for Interpreter (Z-Code)

Mr Creosote:
Company: Ben Vegiard
Year: 2009
Genre: Adventure
Theme: Humour / Science Fiction / Text-based
Language: English
Licence: Freeware
Views: 14974
Review by Mr Creosote (2009-11-16)

Sometimes, it's best to let a game's author to use his own words to describe his game: “Interface was conceived in about 1984 by a 14 year-old boy who wanted desperately to work for Infocom. [...] That boy grew up to be me. [...] To be true to my childhood delusions of grandeur, I have coded up the game as an exercise in 'what would it have been like' and to surprise a few fellow-gamer friends of mine. [...] Thus, you find before you a throw-back/relic delivered with care. While I don't pretend this to be a work of art, I do feel it's an honest attempt of which my 14 year-old version of me would have approved; warts, plot holes, and all. I hope the 1984 version of you, if applicable, enjoys as well.” If that isn't the kind of game this site was made for...

The plot's innocence and naivety indeed rings of 1984: Uncle Floyd, an ingenious inventor, and his assistant Gilby just strap the protagonist into some dangerous looking gear, push a few levers, turn a couple of dials and... you find yourself in a robot body. A crappy robot body. Uncle Floyd is shouting at Gilby. Something must have gone wrong with the experiment. Gilby gets to take you home with him in order to get you back into your own body. Which, however, he has no plans to waste any minute on. Instead, he already thinks about his career in another company. Things don't look good.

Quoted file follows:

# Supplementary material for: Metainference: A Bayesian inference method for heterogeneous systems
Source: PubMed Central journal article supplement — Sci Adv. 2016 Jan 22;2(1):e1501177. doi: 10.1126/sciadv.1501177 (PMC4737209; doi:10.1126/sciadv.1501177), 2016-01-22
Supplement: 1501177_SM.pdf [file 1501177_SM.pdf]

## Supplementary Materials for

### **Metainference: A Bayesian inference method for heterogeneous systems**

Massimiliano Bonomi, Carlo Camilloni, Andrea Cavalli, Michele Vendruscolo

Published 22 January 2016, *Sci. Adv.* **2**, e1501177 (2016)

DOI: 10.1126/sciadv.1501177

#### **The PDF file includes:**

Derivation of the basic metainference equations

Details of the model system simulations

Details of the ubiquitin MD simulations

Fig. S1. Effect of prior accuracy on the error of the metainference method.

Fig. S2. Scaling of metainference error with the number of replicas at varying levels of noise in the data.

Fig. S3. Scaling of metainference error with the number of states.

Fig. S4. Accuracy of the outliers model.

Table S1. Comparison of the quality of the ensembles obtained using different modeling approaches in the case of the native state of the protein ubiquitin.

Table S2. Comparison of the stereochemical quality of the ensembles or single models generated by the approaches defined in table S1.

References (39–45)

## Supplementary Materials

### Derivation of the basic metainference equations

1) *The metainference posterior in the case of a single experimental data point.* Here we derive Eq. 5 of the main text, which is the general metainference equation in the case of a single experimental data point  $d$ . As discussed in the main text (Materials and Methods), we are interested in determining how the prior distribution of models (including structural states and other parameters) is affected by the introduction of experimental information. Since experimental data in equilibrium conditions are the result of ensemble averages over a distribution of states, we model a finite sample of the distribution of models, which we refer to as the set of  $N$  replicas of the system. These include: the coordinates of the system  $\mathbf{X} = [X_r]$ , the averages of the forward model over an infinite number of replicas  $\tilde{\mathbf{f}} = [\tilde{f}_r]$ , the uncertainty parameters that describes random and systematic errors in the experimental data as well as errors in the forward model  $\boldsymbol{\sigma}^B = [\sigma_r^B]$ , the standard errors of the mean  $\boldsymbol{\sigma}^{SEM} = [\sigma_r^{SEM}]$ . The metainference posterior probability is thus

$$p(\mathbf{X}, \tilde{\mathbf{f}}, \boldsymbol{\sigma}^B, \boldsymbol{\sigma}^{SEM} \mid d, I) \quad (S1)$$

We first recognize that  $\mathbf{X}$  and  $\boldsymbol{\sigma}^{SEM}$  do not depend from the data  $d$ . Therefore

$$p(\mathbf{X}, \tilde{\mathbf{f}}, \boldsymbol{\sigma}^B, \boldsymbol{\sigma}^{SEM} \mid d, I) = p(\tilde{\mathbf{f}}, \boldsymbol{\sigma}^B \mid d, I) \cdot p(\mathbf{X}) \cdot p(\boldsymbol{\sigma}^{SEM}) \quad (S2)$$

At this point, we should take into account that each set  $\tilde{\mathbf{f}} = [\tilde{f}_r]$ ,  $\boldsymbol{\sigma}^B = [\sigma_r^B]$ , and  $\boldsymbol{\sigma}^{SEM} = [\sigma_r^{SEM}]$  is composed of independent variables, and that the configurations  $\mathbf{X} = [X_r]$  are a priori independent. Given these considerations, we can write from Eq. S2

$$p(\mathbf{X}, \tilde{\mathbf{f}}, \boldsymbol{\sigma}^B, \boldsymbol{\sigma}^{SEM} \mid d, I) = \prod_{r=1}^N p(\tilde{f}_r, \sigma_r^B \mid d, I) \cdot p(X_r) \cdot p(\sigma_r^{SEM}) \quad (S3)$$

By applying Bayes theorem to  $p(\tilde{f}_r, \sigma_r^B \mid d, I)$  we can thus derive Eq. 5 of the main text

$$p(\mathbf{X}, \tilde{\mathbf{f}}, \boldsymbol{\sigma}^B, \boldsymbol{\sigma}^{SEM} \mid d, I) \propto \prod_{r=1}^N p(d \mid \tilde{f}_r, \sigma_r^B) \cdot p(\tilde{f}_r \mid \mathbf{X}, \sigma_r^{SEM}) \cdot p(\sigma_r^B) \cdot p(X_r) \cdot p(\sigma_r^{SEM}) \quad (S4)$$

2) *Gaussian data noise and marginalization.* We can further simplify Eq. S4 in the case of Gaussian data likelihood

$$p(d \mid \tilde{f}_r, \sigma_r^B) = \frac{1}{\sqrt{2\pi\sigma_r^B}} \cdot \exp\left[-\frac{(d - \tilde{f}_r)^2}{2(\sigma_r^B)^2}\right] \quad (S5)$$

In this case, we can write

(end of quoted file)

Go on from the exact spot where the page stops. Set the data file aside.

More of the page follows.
Interface does many things right. Most things, actually. The setting is limited to few rooms which are all accessible all of the time (after finding your way there first in some cases, but you never lose access again) which pretty much rules out dead ends. There is only one NPC (Gilby) who leaves you alone after about half of the game, triggering the only substantial change in the surroundings. The rooms are well-described and they contain the right amount of items to be believable, but not overly confusing. There isn't much - but what's there is done in an entertaining way.

The author describes the game as introductory level game. This doesn't strike me as quite right when it comes to the puzzles. Most of them are obvious. There's a patch of water which you can't drive over without endangering your metallic chassis and its electronic innards - well, which of the objects could possibly help out there? A machine does have a free slot for a board? Ok, then let's just search for one in the vicinity. I'm not even sure most of the tasks the player has to fulfil even count as 'puzzles'. If there's anything to wish for, this would be the area to improve. Keep in mind that what Infocom called 'introductory' is Moonmist.

The quality, however, is that this game is simple and innocent fun. It's a great contrast to the usual pretentiousness common in the genre these days. For once, you don't have to pay close attention in order not to miss some complex allusion or some meta comment on society and consequently make a fool of yourself when talking about the game ('How could you have not understood that? Are you some kind of idiot?'). How refreshing! Why can't we have more like that? Both my 14-year-old and my current self approve. Highly recommended!

This game was a contender in the Interactive Fiction Competition 2009 where it placed 8th out of 24.

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